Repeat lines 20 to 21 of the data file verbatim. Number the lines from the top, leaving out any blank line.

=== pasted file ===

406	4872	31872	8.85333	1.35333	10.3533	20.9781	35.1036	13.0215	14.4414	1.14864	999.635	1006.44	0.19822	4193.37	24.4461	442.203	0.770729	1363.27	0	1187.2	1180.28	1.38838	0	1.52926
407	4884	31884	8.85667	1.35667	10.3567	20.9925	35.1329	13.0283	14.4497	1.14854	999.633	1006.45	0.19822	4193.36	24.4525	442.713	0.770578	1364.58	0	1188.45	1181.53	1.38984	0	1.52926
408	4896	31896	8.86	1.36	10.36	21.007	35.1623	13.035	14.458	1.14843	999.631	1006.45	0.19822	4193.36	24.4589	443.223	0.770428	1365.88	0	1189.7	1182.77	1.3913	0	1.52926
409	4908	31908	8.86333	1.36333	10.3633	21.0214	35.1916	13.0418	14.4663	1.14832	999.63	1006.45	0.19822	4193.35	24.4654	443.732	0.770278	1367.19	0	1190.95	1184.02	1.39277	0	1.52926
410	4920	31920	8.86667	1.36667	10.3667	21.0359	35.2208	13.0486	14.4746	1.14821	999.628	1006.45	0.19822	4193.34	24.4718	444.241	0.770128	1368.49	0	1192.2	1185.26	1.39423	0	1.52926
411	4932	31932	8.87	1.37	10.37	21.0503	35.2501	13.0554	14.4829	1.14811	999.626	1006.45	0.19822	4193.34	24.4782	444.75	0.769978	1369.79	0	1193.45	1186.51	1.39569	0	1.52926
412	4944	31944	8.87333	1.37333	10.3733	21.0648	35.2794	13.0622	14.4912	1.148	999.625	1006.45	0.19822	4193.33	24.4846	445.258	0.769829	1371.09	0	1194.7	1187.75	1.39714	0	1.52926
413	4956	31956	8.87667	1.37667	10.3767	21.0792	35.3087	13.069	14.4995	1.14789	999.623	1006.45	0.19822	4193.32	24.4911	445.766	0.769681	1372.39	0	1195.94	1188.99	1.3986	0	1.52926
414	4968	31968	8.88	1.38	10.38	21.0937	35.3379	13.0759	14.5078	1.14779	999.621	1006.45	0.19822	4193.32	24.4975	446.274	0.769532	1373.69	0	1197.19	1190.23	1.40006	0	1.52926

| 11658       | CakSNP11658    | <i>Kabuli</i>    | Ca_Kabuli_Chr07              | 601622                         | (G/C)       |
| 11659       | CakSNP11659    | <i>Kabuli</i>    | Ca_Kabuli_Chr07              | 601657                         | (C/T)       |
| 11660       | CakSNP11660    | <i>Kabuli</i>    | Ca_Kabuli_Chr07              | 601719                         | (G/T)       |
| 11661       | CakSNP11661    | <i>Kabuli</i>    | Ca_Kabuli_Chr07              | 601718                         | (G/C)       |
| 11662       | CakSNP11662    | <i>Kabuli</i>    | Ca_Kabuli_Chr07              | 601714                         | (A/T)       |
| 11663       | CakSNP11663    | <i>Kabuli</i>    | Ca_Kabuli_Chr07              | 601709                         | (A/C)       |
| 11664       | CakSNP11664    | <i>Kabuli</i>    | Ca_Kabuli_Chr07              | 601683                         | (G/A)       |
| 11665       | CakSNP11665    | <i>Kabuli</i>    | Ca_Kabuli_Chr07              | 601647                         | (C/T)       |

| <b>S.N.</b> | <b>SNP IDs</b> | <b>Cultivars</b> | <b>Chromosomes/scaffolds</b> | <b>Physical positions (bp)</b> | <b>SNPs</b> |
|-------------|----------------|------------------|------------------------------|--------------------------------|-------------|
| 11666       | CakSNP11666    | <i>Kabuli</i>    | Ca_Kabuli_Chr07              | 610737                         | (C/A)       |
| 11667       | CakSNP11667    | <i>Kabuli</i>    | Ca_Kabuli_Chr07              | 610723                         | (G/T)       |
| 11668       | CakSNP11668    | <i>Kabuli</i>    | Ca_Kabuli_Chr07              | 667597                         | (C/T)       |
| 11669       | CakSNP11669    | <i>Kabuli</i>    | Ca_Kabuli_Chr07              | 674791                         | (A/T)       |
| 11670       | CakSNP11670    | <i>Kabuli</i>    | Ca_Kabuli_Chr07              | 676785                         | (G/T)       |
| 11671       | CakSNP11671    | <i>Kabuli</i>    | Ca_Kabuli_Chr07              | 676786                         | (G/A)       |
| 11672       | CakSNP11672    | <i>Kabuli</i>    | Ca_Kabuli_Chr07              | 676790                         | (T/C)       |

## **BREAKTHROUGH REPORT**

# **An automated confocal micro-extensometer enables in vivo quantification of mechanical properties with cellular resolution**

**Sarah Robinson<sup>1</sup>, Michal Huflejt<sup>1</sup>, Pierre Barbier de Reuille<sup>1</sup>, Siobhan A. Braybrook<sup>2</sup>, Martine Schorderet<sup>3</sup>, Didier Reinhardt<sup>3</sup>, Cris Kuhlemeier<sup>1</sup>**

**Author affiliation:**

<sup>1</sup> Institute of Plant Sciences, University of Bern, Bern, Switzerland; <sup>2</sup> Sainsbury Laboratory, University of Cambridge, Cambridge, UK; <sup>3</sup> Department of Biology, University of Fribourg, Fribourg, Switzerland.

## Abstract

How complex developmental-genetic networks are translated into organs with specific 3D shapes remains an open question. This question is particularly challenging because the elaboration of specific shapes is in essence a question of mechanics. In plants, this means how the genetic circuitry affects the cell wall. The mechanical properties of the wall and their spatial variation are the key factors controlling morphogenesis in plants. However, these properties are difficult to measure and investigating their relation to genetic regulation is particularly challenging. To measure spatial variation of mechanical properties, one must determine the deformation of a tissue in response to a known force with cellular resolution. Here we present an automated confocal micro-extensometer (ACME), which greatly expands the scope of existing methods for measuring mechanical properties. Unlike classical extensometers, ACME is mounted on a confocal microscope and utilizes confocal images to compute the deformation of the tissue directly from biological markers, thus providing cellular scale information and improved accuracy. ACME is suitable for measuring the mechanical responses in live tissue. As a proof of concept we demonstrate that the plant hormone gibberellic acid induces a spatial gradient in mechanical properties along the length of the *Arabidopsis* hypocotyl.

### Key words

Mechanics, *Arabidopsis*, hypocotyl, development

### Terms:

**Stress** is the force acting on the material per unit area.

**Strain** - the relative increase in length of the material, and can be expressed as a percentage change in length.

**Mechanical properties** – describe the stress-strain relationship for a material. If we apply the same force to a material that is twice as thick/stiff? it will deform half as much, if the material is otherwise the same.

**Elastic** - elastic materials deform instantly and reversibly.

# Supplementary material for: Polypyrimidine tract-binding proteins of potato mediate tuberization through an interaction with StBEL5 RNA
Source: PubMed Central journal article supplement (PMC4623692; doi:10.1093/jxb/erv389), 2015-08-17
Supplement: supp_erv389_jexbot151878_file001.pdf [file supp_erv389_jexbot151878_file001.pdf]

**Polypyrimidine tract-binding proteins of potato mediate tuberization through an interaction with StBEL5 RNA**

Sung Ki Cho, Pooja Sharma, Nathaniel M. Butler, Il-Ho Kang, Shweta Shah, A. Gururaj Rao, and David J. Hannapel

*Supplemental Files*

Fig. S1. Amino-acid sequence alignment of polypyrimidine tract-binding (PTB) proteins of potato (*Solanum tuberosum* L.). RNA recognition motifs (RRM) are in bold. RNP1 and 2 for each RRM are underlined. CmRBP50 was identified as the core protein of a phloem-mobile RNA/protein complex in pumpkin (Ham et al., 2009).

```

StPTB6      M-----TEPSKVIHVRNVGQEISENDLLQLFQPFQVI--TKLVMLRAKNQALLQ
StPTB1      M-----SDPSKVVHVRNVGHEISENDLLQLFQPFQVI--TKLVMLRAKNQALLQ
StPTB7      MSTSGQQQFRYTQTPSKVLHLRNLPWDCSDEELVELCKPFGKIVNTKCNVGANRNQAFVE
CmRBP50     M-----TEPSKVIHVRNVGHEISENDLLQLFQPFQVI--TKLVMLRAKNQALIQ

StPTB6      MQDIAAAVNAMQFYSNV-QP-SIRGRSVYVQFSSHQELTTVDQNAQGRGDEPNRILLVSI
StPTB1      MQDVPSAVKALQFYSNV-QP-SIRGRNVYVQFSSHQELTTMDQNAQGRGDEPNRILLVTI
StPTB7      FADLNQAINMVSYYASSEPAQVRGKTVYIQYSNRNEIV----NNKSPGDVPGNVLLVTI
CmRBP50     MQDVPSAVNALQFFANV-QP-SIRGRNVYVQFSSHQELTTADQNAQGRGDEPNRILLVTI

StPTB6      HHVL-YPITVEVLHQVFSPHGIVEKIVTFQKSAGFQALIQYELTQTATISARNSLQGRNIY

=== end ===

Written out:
| 11666       | CakSNP11666    | <i>Kabuli</i>    | Ca_Kabuli_Chr07              | 610737                         | (C/A)       |
| 11667       | CakSNP11667    | <i>Kabuli</i>    | Ca_Kabuli_Chr07              | 610723                         | (G/T)       |